The Masjid land was bought by these South Indian Muslim businessmen and donated to the noble cause. Once built the Masjid was registered as a Trust, which remains the same today with the present Trustees appointed from the descendants of the original donors and Trustees of the Masjid.
During the 7th Century CE, Arab dhows with their distinctive lateen sails filled with monsoon wind began in earnest to sail south-eastwards across the Indian Ocean. Aboard were traders whose destination was the Island they called Serendib—“Island of Rubies”—in search of those precious gems, but also pungent spices, perfect pearls, and much else besides.
Used to mostly barren landscapes, these traders, many of whom came from the ancient city of Aleppo, experienced much pleasure at the sight of Nature’s verdancy and the discovery of its treasures. Thus Serendib was also known as Tenarisin, “Island of Delights” and Jazirat Kakut, “Island of Gems”.
Such was the lure of the stories conveyed not only to the traders of Aleppo but also those of Baghdad—read the astonishingly accurate portrayal of Serendib in Sinbad’s two voyages to the Island contained in the 1001 Arabian Nights—that traders began to settle down on the west coast in the 8th Century. It’s said the first settlement was at the nowadays coastal resort of Beruwela, which in Sinhala means “the place where the sail is lowered”.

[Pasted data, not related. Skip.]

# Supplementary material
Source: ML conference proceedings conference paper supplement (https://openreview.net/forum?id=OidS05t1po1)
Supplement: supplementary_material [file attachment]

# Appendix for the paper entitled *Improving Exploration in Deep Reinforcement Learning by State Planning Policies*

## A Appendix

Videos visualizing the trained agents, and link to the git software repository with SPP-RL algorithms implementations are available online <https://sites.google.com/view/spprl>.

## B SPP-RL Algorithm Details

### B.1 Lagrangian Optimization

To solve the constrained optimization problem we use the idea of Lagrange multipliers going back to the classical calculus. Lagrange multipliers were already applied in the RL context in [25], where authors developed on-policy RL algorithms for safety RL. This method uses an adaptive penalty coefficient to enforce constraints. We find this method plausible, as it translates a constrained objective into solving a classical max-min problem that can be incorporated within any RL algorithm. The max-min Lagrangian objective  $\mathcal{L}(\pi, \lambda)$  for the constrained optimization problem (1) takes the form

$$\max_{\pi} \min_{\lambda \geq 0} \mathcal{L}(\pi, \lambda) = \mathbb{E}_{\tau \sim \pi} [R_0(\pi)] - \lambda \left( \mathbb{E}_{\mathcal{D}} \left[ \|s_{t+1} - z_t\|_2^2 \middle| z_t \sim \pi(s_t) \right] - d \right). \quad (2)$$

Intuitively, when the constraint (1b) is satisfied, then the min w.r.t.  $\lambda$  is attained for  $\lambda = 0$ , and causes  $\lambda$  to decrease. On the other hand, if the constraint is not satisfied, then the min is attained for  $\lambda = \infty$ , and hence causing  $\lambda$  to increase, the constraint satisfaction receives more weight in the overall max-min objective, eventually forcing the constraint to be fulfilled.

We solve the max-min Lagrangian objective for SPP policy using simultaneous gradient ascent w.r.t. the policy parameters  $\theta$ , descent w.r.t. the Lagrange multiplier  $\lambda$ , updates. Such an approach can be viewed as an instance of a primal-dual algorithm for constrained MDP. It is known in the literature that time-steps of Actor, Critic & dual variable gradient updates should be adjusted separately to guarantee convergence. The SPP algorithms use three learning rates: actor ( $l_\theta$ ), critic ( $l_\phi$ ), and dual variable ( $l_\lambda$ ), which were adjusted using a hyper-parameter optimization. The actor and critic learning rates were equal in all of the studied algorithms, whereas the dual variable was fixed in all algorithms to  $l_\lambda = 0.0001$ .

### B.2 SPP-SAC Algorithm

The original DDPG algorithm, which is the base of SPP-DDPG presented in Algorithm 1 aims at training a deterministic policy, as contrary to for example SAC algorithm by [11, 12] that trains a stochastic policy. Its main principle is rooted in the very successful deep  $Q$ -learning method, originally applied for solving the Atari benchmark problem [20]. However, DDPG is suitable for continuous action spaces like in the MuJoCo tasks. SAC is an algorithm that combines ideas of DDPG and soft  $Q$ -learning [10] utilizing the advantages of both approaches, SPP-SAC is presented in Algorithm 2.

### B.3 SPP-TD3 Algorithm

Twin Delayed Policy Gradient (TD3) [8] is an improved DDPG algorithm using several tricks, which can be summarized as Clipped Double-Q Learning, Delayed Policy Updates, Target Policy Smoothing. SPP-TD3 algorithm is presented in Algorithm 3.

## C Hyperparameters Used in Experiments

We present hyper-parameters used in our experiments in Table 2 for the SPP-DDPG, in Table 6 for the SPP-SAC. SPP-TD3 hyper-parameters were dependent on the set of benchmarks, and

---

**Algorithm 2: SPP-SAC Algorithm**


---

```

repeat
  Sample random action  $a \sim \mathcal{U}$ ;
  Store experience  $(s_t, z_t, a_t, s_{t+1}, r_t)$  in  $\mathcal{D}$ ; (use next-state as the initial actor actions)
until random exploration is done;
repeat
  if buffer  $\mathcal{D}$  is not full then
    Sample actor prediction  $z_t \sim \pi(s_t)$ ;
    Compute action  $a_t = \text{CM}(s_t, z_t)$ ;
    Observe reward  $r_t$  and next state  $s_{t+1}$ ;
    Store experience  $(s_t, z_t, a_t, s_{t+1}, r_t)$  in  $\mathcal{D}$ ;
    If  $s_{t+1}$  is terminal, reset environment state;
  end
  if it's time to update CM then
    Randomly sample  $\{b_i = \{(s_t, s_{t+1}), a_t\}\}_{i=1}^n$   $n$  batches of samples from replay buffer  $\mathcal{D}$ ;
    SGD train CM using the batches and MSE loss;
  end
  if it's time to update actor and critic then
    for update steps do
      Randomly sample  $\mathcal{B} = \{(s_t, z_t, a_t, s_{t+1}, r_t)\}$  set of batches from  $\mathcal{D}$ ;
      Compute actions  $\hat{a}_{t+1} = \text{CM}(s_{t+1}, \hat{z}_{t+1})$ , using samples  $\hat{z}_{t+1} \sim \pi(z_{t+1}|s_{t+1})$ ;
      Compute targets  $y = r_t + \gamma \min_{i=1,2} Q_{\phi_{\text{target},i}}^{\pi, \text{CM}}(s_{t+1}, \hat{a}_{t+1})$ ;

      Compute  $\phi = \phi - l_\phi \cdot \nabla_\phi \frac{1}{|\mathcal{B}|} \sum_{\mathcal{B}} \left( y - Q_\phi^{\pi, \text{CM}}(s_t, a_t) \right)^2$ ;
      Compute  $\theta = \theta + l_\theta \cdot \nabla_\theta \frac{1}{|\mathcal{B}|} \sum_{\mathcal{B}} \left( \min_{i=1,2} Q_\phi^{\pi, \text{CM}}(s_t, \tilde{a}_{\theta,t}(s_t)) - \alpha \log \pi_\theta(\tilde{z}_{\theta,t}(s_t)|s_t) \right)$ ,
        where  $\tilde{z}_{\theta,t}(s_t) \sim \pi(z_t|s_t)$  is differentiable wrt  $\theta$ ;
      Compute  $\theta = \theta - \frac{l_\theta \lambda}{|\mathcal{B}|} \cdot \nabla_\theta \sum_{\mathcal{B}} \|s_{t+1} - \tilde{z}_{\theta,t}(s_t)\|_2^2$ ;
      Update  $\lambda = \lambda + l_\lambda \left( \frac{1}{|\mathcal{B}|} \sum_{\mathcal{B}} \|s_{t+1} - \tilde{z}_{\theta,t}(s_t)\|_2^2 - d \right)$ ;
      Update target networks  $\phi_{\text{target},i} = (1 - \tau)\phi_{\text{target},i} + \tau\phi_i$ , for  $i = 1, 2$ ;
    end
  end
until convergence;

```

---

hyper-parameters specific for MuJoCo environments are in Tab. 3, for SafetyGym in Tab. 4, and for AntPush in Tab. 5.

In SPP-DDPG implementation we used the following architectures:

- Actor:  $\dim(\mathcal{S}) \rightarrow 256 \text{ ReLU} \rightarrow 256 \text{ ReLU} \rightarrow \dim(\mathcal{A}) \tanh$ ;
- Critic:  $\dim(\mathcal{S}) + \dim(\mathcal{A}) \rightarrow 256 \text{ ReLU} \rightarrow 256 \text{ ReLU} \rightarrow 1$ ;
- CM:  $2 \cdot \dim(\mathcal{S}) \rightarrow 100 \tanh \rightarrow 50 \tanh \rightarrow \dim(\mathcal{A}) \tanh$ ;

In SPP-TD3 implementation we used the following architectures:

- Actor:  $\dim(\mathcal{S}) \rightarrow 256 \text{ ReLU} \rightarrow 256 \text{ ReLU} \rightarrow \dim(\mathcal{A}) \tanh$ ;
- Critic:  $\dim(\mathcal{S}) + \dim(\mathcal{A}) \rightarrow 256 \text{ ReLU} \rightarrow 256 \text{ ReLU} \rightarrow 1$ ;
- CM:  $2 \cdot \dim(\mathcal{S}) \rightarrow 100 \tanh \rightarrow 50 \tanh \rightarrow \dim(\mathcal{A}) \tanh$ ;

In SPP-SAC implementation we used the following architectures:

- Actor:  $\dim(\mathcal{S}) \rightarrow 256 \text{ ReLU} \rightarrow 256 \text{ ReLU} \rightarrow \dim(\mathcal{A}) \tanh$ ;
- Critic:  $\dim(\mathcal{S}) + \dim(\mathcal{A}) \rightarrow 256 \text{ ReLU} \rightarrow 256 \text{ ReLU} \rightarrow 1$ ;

These Arabs brought with them not only fabulous goods but also their beloved faith, Islam, which was then enjoying its Golden Age. Indeed some early traders made the Serendib voyage when the Prophet Mohammad was alive. There was an expansion of believers primarily due to the far-travelled traders who settled at Beruwela and elsewhere in Serendib—and all over Asia. They married local wives who had converted to Islam (today their descendants are called Sri Lankan Moors). And Beruwela is where the first mosque was built on the Island, c 920 CE, located on a rocky peninsula where the modern version now stands.
Over the next millennium much change occurred concerning the Muslim community in Sri Lanka. Until the 16th Century Arab merchants controlled much of the country’s trade with the blessing of the monarchy, which saw them as an economical and political asset. There was also racial amity between the Sinhalese and Muslims. But then the Portuguese arrived and Muslims were persecuted by the colonists, with west coast settlers fleeing to the Kandyan Kingdom and the east.